Climate of Uncertainty
A U.N. report can't explain the hiatus in global warming.
WSJ.COM 9/30/13: Between 1998 and 2012 the global economy more than doubled in size—to some $71 trillion in GDP from $30 trillion. That's the good news. Over the same period the world pumped more than 100 billion tons of carbon dioxide into the atmosphere. That is supposedly the bad news. Yet global surface temperatures have remained essentially flat. That's the mystery: If emitting CO2 into the atmosphere causes global warming, why hasn't the globe been warming?
That's the question we would have liked to see answered by the U.N. Intergovernmental Panel on Climate Change (IPCC), which Friday published the summary of its fifth report on what co-chairman Thomas Stocker calls "the greatest challenge of our times." It would have also been nice to see some humility from the IPCC, which since its last report in 2007 has seen some of its leading scientists exposed as bullies, and some of its most eye-catching predictions debunked. (Remember the vanishing Himalayan glaciers?)
No such luck. "Warming of the climate system is unequivocal," insists the report in its first bold-face conclusion, followed by the claim that "each of the last three decades has been successively warmer at the Earth's surface than any preceding decade since 1850." What follows are warnings of shrinking ice sheets, rapidly rising sea levels and other scary events.
So what about the warming that hasn't been happening since 1998? Here's the key paragraph, buried on page 10: "The observed reduction in surface warming trend over the period 1998-2012 as compared to the period 1951-2012, is due in roughly equal measure to a reduced trend in radiative forcing and a cooling contribution from internal variability, which includes a possible redistribution of heat within the ocean."
After noting that scientists have only low or medium confidence in various theories for this reduced warming trend, the report adds that "there may also be a contribution from forcing inadequacies and, in some models, an overestimate of the response to increasing greenhouse gas and other anthropogenic forcing." (Our emphasis.)
Translation: Temperatures have been flat for 15 years, nobody can properly explain it (though there are some theories), and the IPCC doesn't want to spend much time doing so because it is politically inconvenient and shows that the computer models on which all climate-change predictions depend remain unreliable.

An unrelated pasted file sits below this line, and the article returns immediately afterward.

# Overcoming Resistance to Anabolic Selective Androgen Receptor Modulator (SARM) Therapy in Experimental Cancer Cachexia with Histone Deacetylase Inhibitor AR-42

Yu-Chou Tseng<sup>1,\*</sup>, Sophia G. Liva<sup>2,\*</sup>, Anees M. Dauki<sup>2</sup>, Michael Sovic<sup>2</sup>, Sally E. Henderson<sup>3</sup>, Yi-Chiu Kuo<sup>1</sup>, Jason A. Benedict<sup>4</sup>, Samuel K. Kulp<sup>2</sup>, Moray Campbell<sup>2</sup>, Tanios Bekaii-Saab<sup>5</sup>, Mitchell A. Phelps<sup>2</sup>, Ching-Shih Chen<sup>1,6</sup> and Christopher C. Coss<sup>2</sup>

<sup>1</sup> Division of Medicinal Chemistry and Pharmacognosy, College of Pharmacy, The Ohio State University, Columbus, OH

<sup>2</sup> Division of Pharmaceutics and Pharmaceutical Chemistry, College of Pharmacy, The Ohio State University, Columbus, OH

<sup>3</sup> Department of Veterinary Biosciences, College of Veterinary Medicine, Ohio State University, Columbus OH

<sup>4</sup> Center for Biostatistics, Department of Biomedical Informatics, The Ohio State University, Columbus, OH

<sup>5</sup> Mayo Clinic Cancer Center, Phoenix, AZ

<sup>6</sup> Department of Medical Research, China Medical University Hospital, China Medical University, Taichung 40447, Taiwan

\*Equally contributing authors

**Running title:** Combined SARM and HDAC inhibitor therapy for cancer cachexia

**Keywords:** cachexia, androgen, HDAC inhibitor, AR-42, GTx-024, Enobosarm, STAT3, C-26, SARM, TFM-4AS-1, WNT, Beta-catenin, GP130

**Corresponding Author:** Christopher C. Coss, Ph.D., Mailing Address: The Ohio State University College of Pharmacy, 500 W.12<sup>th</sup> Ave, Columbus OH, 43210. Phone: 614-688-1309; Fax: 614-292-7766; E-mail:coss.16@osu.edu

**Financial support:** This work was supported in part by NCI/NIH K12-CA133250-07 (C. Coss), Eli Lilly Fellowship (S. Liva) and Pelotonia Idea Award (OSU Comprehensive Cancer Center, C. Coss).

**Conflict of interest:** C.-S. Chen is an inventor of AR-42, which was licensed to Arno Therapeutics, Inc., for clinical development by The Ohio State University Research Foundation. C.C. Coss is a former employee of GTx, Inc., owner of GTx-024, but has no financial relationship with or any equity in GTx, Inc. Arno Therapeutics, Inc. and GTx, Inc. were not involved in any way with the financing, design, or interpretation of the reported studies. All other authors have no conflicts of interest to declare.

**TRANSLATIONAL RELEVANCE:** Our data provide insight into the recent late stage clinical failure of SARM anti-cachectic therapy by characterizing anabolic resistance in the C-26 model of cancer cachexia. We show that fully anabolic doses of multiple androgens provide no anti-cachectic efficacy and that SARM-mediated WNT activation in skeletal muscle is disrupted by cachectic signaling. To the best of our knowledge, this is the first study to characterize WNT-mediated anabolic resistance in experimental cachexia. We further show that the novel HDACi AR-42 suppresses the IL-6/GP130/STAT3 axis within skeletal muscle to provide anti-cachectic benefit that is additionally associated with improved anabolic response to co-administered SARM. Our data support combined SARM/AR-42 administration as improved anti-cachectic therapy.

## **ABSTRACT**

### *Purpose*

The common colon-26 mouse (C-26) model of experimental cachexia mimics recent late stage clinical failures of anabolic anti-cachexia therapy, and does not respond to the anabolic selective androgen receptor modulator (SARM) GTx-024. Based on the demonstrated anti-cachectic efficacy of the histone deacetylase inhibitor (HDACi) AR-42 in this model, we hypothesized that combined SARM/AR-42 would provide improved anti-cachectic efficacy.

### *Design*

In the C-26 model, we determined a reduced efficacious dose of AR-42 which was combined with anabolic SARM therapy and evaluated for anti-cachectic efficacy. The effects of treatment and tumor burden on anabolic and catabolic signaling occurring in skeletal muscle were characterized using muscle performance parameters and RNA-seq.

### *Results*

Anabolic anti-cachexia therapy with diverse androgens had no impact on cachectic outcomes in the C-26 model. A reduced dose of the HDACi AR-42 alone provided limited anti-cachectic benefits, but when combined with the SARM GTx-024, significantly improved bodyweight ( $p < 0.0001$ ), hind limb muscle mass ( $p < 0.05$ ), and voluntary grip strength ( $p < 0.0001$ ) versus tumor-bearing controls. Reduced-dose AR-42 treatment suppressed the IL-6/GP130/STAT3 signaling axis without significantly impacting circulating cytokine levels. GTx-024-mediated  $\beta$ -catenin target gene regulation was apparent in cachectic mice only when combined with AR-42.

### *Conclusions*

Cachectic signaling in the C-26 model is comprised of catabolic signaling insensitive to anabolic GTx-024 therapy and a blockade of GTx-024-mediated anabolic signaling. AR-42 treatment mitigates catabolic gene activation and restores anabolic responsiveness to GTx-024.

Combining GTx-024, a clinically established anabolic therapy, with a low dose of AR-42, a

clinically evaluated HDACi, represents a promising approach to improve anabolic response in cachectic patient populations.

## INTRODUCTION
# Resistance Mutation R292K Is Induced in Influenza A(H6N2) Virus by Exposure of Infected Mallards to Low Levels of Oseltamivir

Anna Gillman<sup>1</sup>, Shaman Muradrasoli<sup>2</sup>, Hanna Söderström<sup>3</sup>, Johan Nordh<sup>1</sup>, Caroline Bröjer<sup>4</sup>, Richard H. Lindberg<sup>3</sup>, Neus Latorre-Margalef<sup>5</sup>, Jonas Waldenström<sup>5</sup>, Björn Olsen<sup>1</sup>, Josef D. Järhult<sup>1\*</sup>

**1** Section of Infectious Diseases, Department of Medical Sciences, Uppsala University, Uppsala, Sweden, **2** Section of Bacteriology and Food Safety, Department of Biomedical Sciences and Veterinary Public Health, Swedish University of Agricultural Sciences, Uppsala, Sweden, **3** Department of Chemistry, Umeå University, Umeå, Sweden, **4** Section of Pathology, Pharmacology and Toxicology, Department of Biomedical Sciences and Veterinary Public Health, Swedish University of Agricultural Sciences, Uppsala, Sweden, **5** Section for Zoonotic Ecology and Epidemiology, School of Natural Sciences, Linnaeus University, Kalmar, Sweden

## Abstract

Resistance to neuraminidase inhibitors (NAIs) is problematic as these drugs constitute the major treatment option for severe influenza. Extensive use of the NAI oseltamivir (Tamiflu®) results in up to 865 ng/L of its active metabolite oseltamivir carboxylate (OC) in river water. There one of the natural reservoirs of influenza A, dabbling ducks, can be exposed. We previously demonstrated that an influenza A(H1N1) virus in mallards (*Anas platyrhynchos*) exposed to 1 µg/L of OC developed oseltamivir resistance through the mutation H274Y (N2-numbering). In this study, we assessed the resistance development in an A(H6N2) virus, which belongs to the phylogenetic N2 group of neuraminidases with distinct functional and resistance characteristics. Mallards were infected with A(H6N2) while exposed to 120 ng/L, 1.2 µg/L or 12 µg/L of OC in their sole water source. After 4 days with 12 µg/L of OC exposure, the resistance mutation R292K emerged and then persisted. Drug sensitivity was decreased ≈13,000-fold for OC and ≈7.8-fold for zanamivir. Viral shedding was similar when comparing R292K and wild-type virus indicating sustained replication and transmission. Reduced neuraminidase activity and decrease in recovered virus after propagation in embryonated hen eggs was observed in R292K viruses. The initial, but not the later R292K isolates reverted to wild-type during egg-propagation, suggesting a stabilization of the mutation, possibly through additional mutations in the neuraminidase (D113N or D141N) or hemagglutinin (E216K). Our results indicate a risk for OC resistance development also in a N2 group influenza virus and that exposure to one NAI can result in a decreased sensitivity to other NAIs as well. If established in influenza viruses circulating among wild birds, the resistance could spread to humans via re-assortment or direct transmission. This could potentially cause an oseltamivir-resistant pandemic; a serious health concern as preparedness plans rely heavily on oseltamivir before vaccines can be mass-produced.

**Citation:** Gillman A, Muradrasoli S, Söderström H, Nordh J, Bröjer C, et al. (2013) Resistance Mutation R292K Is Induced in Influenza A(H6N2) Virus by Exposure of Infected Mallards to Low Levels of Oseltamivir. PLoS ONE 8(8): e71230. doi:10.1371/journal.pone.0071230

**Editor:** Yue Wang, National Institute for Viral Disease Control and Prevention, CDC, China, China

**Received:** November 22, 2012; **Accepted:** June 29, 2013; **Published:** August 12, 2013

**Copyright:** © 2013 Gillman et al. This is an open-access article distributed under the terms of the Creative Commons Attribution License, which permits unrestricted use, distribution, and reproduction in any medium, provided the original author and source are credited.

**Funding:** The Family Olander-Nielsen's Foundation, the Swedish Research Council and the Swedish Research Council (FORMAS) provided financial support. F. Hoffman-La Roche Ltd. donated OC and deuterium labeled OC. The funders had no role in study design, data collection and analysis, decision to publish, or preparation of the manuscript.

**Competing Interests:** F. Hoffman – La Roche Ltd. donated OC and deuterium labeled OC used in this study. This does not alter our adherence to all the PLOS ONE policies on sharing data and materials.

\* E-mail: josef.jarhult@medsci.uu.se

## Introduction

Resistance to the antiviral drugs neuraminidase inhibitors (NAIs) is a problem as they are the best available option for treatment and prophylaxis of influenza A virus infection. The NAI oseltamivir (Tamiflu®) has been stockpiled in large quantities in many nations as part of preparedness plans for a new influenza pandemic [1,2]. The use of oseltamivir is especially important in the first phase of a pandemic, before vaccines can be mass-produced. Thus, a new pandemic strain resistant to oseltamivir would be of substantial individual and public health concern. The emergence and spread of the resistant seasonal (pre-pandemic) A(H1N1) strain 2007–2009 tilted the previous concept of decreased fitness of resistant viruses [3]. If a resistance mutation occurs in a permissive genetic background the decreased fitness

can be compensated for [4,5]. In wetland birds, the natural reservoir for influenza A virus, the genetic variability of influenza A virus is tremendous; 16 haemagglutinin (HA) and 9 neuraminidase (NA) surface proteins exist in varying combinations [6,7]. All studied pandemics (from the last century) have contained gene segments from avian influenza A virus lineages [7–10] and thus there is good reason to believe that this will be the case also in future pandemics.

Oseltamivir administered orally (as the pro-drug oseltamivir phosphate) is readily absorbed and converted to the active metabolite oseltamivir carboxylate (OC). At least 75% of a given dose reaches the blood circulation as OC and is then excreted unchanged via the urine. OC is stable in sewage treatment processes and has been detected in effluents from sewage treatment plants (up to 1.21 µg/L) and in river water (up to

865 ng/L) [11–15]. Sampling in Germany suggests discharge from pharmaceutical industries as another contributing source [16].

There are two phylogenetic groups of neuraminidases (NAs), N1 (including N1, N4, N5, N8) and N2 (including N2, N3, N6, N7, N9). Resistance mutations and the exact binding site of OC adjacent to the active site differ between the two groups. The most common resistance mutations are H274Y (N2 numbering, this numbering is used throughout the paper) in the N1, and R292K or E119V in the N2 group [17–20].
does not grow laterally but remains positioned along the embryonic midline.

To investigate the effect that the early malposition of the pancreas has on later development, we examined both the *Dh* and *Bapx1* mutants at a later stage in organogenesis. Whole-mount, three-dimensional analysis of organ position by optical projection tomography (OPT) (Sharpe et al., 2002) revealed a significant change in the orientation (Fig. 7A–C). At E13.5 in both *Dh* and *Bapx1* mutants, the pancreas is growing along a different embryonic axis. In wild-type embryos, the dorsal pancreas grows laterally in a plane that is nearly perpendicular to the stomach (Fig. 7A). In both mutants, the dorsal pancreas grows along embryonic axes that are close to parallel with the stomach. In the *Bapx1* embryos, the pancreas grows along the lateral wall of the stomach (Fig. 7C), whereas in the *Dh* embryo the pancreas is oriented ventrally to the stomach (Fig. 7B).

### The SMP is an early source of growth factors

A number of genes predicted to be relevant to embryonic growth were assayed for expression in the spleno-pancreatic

Though the IPCC doesn't admit it, the real lesson of its report is uncertainty. Droughts and hurricanes? Contrary to Al Gore's hype, the report acknowledges there's little evidence to suggest that climate change caused by man has had much to do with the duration of droughts or the intensity of hurricanes, although it might in the far future.
Unbearable heat? The IPCC predicts that temperatures are "likely" to rise by somewhat more than 1.5 degrees Celsius throughout the rest of the century. But in 2007 the IPCC said they were "likely" to increase by more than 2 degrees, and "very unlikely" to increase by less than 1.5 degrees.
It's also hard to take any of this as gospel when the IPCC's climate models haven't been able to predict past warming. As Canadian economist and longtime climate student Ross McKitrick points out, IPCC models based on CO2 emissions predicted that temperatures should have risen between 0.2 and 0.9 degrees Celsius since 1990. Instead they have increased by about 0.1 degrees.
One lesson of the IPCC report is that now is the time for policy caution. Let's see if the nonwarming trend continues, in which case the climate models will need remodeling. But that's far less costly than trying to undo grand global redistribution schemes like carbon cap and trade.
The other lesson is that amid such uncertainty the best insurance against adverse climate risks is robust economic growth. The wealthier the world is in 50 or 100 years, the more resources and technology it will have to cope if the worst predictions come true. But that requires free-market, pro-growth policies that are the opposite of the statist fixes pushed by the climate alarmists.
They use the flimsy intellectual scaffolding of the IPCC report to justify killing the U.S. coal industry and the Keystone XL pipeline, banning natural gas drilling, imposing costly efficiency requirements for automobiles, light bulbs, washing machines and refrigerators, and using scarce resources to subsidize technologies that even after decades can't compete on their own in the marketplace.
All of these involve giving more economic control to political actors whose interventions make the world poorer than it would otherwise be. When even the climate-change lobbyists at the IPCC concede that the world is warming at a slower pace than they once thought, it's no time for panicky rearranging of the global economy.
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